You are not saying anything different here than you were saying before, that rational thought has more than one point of origin. Does the geometer develop different instincts and intuitions than the algebrist? Absolutely. But mathematics requires rational thought, which derives from a sense of reason, which has one point of origin, and those instincts and intuitions are developed to serve that. In other words, even though the algebrist and geometer develop different instincts and intuitions, they do so under the same sense of, and requirements of, reason.
I am incorporating everything you say but you seem to not like my delineations. Is this an accurate assessment of our differences in opinion?
Remember, this discussion didn't start out to be about what is different between geometry and algebra and what is the same, even though that is a very good discussion to have. It started out about using visualizations in in the teaching of mathematics. I would never try to teach mathematics without using visualizations, but they must be used properly. Call them aids or call them analogies, but the purpose has to be tied to the subject you are teaching. For example, if I use visualizations to teach algebra, i must use them to teach algebra, not geometry.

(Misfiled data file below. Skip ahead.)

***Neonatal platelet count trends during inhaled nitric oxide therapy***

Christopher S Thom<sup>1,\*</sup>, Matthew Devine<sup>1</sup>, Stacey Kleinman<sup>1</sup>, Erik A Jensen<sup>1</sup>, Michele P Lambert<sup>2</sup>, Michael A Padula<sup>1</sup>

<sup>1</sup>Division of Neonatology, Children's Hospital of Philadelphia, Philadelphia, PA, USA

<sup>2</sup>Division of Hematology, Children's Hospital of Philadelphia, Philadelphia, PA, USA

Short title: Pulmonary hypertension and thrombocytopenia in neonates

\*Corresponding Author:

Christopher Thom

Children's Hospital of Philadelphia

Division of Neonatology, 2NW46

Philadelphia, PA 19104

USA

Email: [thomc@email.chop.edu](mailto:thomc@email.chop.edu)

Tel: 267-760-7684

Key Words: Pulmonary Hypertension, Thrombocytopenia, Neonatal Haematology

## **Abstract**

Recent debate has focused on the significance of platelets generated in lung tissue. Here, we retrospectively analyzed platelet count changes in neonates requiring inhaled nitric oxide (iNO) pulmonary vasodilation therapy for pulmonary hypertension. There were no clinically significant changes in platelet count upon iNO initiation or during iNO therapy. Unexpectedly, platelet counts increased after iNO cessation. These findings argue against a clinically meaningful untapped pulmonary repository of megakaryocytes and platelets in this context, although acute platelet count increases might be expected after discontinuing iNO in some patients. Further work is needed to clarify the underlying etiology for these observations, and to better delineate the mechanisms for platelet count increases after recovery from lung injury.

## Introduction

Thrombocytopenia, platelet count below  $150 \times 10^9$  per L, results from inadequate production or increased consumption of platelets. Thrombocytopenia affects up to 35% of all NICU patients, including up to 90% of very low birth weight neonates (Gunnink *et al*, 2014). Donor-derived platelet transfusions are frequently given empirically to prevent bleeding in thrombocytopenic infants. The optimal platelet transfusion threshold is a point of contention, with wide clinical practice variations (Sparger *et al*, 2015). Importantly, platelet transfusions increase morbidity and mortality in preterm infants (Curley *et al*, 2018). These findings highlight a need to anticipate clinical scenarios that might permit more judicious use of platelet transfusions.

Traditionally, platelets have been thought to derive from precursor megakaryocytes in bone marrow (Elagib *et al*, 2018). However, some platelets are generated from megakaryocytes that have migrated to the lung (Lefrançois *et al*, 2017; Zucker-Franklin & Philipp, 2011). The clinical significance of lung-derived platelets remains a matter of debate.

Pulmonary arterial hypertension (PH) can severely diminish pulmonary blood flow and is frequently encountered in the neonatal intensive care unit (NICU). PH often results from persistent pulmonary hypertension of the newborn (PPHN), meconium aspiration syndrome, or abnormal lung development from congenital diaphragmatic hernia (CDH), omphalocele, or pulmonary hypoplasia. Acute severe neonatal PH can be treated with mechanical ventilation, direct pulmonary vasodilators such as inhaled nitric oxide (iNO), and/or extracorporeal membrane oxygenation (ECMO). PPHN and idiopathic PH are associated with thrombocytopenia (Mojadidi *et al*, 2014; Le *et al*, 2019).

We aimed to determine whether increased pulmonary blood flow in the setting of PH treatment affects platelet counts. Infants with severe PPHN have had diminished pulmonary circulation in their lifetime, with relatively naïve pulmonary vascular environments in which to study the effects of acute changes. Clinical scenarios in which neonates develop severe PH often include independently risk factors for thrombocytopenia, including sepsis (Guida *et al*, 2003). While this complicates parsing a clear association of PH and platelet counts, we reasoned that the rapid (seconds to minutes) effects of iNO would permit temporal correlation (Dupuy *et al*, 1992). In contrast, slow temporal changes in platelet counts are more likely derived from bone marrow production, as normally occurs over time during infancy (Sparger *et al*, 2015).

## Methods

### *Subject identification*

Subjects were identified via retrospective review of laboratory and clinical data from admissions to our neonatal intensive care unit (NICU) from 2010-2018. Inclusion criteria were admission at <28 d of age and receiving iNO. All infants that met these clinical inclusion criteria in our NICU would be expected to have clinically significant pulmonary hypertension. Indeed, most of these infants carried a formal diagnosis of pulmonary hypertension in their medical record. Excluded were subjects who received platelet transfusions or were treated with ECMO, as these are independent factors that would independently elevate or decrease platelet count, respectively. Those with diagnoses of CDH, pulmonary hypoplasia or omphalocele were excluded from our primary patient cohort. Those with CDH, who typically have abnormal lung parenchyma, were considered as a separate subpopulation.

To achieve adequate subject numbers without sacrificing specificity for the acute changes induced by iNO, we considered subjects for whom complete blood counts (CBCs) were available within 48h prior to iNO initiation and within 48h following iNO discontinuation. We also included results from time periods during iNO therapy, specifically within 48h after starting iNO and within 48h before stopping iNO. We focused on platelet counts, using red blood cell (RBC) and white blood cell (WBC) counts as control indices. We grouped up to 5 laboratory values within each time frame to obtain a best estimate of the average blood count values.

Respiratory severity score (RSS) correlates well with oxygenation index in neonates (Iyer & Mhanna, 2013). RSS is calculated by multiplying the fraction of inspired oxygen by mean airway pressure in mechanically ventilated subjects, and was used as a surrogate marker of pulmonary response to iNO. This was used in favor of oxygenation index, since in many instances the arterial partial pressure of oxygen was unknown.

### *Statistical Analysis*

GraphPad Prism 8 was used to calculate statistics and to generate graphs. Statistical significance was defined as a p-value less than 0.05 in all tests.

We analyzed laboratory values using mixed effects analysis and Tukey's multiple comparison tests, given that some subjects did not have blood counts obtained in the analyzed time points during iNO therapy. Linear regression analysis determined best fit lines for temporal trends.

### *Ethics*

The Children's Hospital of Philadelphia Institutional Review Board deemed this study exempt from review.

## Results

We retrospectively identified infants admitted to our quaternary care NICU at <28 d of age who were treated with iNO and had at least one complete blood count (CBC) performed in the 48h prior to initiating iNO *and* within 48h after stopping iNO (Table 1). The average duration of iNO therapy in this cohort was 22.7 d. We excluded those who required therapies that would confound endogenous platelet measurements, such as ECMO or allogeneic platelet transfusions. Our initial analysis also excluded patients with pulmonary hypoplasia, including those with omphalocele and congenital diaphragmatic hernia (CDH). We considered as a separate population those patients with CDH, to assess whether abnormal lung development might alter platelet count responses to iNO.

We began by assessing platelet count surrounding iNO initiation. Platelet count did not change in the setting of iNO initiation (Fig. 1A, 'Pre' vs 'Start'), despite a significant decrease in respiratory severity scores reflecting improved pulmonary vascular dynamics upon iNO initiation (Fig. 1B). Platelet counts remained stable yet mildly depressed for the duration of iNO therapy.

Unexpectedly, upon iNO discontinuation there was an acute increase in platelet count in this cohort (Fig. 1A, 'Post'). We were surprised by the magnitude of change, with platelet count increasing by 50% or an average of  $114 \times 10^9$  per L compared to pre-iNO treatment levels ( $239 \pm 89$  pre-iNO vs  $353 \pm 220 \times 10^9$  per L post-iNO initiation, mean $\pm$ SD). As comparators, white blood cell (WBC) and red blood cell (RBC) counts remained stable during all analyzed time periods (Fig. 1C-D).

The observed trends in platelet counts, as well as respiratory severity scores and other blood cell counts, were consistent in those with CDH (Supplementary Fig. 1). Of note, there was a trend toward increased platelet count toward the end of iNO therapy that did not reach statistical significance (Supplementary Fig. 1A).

For example, you have seen the visualization on completing the square using tiles, right? Have you ever thought deeply as to what pedagogical purpose this has in teaching algebra? I won't answer that. I am curious as to what you think that is.
 geometer: one versed in solving problems involving the elements of geometry, such as points, segments, lines, angles and shapes.  instincts: innate behavior such as how one approaches a problem.  intuitions: the ability to sense without rational thought such as when one decides on a solution before knowing that it is a solution.  algebrist: one versed in solving problems involving the elements of algebra, such as symbolic representation, equality and manipulation.  reason: that which appears logically correct.  pedagogical: of or relating to teaching.
On Jul 13, 2013, at 2:51 PM, Joe Niederberger <email@example.com> wrote:
> Let's try a different tack in order to break through the merry-g-round. > > Does the representation of a problem make a difference in how one thinks about it? > (Yes.) > > Can thinking about a problem be divorced from how its represented? > (No.) > > Are mental pictures one form of representation? > (Yes.) > > Can one think about multiple representations of the same problem and switch among them? > (Yes.) > > > Cheers, > Joe N